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M.I.A.'s Double Bubble Trouble
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M.I.A.'s 3D printing on Seth Meyers
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M.I.A.s' disgruntled tweet
M.I.A. has always been one to court controversy; the video for her song Born Free, which depicted genocide against red haired folk as a metaphor for the violence she was witness to as a child growing up in war torn Sri Lanka, was banned by YouTube; the NFL are currently demanding $16million from her for flipping the bird during the 2012 half time Superbowl show; and now she’s using the most controversial subject in our industry as art.
No not, IP infringements or the ethical implications of bioprinting but of course, the Cody Wilson infused 3D printed gun.
Double Bubble Trouble, or DBT, is the fifth single off her 2013 Matangi album and is the first video she has directed since she directed a video for her former flatmate Justine Frischmann’s Elastica’s Mad Dog God Dam 14 years ago.
The video starts with news footage of Cody Wilson’s Defense Distributed 3D printed weapons and proceeds to depict a dystopian future, in which young adults 3D print their own guns and drones on an Ultimaker 2 in order to battle the 1984-esque government. The video also features the other moral-panic surrounding 3D printing, the instant duplication of keys using the technology.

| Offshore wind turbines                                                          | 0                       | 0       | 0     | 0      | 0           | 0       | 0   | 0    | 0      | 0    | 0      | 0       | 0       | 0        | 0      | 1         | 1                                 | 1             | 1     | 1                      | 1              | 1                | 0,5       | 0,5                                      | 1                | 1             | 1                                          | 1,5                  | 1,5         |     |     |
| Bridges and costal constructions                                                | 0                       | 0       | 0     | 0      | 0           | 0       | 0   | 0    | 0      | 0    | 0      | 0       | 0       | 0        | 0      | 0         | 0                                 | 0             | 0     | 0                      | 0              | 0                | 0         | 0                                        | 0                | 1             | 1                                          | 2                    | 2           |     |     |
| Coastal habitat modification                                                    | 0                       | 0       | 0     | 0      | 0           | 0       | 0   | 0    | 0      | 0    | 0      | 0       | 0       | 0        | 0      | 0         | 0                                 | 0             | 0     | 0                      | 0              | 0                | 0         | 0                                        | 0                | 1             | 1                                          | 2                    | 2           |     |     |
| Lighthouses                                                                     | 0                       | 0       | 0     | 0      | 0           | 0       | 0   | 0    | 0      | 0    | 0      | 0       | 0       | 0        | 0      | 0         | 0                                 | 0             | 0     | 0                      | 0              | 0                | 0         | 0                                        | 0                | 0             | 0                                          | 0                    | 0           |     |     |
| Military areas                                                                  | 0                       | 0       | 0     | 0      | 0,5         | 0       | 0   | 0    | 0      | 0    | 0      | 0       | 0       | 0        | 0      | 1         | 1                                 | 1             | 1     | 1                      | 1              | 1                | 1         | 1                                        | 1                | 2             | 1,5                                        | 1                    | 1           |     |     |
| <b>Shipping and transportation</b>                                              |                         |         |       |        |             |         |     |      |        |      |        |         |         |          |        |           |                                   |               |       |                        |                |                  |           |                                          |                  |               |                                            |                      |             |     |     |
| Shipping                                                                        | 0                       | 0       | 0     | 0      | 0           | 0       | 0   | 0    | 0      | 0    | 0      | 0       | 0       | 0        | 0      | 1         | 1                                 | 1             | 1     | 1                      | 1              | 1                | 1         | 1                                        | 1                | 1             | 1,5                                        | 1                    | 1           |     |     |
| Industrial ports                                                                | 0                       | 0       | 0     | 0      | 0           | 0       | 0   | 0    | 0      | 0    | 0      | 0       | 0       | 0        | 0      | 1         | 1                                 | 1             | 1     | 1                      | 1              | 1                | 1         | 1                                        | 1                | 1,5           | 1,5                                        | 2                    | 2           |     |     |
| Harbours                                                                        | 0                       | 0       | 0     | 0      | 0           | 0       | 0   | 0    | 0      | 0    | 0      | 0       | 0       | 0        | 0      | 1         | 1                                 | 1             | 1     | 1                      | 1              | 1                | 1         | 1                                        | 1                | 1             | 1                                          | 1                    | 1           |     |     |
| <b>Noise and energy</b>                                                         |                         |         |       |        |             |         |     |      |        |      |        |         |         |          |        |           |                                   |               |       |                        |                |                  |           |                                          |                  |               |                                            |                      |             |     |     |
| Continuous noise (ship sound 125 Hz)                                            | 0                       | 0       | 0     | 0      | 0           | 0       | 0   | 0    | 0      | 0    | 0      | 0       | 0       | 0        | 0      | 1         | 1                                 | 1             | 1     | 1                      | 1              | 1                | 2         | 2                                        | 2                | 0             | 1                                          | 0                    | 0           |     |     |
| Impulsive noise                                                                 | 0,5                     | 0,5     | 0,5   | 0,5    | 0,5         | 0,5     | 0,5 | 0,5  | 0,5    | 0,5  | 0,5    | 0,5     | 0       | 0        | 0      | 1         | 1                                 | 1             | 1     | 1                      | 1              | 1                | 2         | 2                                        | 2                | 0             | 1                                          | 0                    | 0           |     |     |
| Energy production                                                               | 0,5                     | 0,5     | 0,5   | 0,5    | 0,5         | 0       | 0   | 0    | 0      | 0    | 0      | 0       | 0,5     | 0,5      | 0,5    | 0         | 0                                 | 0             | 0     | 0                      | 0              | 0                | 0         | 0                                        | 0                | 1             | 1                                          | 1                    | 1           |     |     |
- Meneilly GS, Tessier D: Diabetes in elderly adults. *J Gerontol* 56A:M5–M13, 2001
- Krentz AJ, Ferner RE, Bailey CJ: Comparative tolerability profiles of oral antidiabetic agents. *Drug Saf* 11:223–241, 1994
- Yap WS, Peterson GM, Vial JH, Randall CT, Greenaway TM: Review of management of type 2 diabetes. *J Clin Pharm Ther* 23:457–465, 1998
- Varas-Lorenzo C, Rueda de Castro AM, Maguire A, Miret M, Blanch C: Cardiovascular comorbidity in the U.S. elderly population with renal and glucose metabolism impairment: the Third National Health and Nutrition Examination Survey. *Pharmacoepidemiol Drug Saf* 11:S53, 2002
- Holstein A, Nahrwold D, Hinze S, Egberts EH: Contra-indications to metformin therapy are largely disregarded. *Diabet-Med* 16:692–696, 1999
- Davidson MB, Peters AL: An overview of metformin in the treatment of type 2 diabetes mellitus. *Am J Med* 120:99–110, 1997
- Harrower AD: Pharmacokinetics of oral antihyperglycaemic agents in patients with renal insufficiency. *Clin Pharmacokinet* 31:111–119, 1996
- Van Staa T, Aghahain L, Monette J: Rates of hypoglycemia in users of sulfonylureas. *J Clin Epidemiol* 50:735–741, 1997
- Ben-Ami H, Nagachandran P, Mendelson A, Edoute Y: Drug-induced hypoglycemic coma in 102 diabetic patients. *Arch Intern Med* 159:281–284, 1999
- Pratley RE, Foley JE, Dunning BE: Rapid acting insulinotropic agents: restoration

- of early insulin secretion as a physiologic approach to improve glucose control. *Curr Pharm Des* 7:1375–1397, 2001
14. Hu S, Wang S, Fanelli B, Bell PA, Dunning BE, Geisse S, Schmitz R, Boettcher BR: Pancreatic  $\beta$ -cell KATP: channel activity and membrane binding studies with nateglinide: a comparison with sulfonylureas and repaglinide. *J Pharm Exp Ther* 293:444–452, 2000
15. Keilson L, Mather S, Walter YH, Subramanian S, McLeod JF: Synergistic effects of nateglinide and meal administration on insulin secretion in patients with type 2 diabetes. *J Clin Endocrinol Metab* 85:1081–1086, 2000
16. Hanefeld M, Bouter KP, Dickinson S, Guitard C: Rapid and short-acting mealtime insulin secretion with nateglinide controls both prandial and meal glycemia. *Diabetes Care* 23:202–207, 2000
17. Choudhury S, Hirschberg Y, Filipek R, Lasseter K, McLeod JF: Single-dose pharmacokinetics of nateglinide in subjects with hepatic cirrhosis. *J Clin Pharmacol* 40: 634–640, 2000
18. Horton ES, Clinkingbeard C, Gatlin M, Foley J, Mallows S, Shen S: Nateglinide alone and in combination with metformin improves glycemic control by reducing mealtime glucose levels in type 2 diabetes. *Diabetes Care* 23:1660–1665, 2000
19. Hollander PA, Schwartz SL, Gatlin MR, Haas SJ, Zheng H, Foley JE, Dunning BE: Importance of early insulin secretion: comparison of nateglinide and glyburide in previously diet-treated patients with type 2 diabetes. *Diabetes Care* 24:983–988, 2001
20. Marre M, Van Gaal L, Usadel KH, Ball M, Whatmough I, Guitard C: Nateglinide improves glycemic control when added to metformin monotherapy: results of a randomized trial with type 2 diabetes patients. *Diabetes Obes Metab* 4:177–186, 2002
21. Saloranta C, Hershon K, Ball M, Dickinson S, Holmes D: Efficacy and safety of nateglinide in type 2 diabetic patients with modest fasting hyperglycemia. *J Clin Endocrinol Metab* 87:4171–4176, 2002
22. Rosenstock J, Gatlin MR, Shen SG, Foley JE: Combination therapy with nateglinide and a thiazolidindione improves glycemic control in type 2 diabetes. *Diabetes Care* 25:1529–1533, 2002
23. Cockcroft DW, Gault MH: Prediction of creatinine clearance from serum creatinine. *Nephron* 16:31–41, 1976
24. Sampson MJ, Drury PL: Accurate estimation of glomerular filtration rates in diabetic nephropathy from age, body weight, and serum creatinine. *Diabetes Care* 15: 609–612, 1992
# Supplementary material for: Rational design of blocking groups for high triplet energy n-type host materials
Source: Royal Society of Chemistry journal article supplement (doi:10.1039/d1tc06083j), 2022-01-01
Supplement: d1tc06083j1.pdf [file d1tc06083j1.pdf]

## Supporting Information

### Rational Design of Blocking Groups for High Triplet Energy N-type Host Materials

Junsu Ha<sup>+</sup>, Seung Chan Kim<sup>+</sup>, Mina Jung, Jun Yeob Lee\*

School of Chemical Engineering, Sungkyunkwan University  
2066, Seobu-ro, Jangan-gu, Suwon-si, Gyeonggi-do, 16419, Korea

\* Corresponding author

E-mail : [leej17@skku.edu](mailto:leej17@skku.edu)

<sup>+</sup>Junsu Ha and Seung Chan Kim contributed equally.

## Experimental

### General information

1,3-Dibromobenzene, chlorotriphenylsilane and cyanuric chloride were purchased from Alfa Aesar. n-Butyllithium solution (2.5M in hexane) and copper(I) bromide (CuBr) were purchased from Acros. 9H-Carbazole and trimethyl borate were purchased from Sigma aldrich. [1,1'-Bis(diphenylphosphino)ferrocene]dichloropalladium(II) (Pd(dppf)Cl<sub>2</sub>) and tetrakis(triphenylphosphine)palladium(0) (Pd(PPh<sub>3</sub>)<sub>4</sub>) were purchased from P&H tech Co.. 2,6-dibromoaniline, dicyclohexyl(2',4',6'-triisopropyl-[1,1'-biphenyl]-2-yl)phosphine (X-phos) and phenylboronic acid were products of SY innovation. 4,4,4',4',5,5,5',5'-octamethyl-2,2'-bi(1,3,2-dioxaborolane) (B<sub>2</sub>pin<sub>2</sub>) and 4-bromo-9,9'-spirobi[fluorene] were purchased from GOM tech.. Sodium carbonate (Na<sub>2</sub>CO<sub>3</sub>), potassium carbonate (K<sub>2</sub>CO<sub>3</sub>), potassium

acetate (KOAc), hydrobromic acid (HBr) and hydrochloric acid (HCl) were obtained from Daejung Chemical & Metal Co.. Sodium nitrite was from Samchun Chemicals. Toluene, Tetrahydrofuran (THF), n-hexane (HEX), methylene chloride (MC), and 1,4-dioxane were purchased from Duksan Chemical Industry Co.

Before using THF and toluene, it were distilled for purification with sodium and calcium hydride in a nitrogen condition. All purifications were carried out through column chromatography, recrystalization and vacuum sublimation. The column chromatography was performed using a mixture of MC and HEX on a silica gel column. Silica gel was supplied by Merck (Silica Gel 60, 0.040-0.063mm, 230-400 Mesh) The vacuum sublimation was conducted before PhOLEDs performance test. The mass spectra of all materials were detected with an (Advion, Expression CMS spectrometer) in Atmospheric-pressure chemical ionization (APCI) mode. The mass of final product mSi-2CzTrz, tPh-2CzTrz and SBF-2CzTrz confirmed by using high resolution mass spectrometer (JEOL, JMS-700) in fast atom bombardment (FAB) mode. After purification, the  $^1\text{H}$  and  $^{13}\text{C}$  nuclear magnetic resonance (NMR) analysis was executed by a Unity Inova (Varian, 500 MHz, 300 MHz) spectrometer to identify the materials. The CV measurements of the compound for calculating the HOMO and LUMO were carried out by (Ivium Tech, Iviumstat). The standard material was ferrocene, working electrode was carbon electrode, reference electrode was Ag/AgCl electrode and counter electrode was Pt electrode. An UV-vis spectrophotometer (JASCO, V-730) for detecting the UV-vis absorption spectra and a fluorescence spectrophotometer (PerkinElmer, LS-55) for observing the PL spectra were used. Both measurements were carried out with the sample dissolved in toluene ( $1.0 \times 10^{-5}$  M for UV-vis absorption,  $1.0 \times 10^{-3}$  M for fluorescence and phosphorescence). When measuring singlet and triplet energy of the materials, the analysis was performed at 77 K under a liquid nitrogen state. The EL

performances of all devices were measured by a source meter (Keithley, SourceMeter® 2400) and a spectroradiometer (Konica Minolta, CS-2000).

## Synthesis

The video itself was blocked by her record label for the first few days prompted M.I.A. and her twitter army to kick Universal Music Group into submission in order to release the video.
Amusingly, the shootas in the video are clearly not printed on the Ultimaker 2, not dissing the Ultimaker 2 here but they clearly weren’t printed on any desktop 3D printer, they’re too good and big and too...well, injection moulded.
The resulting headache inducing video takes a little bit of the Nu-rave vibe that M.I.A. brought back and the balaclava and assault rifles carnage depicted in Spring Breakers; the trailer of which, coincidentally used M.I.A.’s first single from this album, Bad Girls.
The precedent for the video was set when M.I.A. appeared on the Late Night with Seth Meyers – Jimmy Fallon’s replacement – flanked with two bored looking girls operating the very Ultimaker 2’s that appear in the video.
I’m unsure as to whether it is because I am so ingrained in the world of 3D printing and thus slightly bored by 3D printed guns but for M.I.A., who is usually so cutting-edge and on the money, this seems completely contrived. Had this not have been obviously such a work of passion for M.I.A. I might have passed it off on a record label attempting to cash in on a bit of zeitgeist; unfortunately it’s neither zeitgeist nor making a political point. Still, with 400,000 YouTube views in one day, Ultimaker must be rubbing their hands.